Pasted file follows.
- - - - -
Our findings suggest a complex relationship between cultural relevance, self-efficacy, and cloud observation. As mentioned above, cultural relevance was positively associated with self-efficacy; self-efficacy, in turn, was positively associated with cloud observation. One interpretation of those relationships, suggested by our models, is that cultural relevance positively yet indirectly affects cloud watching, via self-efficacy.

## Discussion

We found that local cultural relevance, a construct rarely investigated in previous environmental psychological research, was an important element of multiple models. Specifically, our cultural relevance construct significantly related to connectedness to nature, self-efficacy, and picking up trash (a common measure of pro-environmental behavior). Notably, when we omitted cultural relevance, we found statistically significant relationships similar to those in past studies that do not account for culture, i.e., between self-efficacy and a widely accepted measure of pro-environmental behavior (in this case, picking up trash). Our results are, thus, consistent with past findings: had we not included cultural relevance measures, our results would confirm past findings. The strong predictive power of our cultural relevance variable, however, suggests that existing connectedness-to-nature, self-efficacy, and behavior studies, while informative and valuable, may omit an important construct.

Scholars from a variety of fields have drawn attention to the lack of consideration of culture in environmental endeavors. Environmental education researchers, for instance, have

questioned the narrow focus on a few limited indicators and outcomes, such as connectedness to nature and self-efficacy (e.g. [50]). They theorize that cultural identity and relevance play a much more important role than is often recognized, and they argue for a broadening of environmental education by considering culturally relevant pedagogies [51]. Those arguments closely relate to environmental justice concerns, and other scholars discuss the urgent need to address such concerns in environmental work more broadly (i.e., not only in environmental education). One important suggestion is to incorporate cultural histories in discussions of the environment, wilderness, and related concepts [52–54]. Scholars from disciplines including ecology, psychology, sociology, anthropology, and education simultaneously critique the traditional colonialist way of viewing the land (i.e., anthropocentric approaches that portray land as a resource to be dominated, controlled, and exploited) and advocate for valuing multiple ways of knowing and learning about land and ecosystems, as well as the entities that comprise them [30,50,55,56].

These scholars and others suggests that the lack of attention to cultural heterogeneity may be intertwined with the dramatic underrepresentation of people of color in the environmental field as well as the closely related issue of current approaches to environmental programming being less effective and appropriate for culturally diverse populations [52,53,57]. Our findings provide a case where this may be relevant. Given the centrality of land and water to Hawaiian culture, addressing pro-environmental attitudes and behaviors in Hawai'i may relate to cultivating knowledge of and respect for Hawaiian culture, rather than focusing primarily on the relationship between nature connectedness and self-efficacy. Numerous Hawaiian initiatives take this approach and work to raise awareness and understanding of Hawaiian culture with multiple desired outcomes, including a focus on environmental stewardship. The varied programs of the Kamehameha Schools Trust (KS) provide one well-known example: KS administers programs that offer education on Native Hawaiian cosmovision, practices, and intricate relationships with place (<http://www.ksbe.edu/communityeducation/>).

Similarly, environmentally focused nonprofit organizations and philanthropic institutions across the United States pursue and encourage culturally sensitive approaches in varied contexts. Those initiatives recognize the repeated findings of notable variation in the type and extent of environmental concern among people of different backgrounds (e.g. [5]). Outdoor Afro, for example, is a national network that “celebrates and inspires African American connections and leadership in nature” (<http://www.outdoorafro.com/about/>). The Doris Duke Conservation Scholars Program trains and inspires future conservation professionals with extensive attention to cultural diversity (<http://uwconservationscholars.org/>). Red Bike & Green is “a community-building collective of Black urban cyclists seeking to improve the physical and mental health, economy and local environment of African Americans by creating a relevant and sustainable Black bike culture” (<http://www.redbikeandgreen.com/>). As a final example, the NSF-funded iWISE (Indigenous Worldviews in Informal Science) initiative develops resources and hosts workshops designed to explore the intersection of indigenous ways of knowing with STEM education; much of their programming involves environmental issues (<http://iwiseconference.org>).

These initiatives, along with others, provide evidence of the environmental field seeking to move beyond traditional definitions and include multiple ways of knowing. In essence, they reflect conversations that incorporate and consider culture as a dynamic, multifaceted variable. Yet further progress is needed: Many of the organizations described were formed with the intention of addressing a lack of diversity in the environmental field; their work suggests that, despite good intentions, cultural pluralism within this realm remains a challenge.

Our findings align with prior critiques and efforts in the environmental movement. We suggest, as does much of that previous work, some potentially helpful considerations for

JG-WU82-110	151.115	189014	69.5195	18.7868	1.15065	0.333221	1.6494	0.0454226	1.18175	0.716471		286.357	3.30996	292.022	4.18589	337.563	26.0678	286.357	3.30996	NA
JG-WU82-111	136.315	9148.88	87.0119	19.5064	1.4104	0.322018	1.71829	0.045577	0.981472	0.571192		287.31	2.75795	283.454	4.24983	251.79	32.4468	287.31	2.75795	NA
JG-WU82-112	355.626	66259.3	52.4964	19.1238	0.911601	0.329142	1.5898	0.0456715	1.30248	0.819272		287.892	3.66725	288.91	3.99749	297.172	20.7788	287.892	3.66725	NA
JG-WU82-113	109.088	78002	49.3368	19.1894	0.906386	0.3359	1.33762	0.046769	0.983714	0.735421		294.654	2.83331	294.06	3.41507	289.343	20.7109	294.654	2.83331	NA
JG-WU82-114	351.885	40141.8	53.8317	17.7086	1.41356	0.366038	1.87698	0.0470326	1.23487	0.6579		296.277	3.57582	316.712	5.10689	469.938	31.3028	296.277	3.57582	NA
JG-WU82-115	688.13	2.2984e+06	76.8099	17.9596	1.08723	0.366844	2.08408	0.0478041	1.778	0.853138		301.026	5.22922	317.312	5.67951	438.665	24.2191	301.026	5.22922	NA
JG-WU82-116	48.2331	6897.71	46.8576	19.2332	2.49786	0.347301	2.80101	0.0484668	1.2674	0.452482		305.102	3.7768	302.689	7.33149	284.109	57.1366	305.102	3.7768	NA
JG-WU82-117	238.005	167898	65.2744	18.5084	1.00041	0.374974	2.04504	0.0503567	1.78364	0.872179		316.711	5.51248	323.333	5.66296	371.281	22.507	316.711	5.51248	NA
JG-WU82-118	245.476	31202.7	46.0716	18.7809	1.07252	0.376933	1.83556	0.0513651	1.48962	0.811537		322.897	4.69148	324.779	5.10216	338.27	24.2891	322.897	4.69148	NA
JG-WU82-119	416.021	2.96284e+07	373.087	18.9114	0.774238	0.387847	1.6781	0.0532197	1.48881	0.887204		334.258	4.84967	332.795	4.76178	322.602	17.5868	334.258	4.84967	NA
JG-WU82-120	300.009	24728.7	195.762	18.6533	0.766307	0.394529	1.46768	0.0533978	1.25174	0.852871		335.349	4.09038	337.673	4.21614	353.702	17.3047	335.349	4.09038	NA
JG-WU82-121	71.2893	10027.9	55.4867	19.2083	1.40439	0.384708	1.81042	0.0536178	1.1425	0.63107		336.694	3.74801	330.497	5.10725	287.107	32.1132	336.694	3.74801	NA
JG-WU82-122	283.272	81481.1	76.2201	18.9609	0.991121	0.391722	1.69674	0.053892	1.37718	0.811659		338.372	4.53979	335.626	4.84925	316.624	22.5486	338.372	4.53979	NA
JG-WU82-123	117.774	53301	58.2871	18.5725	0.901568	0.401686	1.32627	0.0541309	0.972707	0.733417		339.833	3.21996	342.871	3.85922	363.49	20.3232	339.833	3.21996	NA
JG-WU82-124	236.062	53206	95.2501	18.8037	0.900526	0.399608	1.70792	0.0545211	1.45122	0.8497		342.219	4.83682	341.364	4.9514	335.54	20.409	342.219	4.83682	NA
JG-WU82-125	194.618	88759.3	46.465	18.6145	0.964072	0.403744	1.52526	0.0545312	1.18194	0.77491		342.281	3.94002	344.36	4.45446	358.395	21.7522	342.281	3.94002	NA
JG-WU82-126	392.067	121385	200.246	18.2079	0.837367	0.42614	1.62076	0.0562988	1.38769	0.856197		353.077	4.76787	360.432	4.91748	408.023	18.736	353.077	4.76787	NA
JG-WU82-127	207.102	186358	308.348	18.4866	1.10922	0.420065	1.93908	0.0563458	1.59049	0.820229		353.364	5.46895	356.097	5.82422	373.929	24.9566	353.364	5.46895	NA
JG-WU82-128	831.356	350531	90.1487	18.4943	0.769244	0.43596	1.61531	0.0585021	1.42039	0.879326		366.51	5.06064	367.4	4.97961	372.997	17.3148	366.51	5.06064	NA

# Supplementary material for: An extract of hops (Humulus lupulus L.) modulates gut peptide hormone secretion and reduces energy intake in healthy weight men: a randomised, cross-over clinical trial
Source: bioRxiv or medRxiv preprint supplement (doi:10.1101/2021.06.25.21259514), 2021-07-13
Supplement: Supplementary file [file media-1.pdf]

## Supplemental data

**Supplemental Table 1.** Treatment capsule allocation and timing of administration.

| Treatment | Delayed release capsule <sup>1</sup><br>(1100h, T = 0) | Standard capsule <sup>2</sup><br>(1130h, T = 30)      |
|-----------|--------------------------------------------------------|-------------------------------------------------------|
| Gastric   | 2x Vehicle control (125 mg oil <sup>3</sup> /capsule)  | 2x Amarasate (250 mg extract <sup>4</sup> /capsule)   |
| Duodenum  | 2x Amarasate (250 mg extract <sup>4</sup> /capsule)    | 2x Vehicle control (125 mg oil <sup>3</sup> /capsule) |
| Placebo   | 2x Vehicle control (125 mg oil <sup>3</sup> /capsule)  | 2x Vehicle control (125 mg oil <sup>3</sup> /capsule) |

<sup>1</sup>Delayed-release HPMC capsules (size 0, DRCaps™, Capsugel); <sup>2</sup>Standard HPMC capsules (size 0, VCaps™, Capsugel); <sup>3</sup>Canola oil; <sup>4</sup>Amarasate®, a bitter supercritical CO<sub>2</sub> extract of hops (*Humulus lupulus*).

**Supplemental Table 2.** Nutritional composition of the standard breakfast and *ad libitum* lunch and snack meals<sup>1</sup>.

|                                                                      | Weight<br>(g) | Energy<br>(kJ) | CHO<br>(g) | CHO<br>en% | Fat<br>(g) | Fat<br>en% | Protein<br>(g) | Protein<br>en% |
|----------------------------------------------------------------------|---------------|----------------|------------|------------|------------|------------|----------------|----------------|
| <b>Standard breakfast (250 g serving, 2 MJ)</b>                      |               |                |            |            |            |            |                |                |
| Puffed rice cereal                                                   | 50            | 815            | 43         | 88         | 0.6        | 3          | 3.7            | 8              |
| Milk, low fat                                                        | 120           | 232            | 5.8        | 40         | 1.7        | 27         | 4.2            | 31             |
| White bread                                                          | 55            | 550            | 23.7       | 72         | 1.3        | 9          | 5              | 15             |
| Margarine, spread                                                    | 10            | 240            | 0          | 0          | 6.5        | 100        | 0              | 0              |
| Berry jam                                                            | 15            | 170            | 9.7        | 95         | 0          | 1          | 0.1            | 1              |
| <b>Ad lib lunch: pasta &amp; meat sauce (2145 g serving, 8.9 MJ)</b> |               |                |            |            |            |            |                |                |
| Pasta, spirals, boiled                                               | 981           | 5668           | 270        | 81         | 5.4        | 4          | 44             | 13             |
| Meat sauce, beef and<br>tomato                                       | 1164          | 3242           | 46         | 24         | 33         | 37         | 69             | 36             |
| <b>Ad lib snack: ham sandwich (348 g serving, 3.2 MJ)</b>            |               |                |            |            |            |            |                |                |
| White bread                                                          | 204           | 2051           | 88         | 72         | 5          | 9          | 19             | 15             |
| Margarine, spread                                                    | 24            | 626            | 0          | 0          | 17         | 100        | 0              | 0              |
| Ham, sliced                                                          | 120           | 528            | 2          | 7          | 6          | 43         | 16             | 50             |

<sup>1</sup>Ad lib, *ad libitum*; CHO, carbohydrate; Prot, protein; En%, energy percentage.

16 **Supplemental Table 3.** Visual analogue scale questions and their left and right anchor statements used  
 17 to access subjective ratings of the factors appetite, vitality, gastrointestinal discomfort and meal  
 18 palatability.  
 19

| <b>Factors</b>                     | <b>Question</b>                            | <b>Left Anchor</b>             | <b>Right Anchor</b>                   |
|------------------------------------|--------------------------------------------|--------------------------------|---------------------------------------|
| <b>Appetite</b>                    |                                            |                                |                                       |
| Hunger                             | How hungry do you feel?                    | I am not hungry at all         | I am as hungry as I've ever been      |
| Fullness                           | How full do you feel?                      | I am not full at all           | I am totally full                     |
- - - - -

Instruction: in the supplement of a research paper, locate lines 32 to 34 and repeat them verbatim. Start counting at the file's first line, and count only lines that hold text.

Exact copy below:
## Supplemental data

**Supplemental Table 1.** Treatment capsule allocation and timing of administration.

| Treatment | Delayed release capsule <sup>1</sup><br>(1100h, T = 0) | Standard capsule <sup>2</sup><br>(1130h, T = 30)      |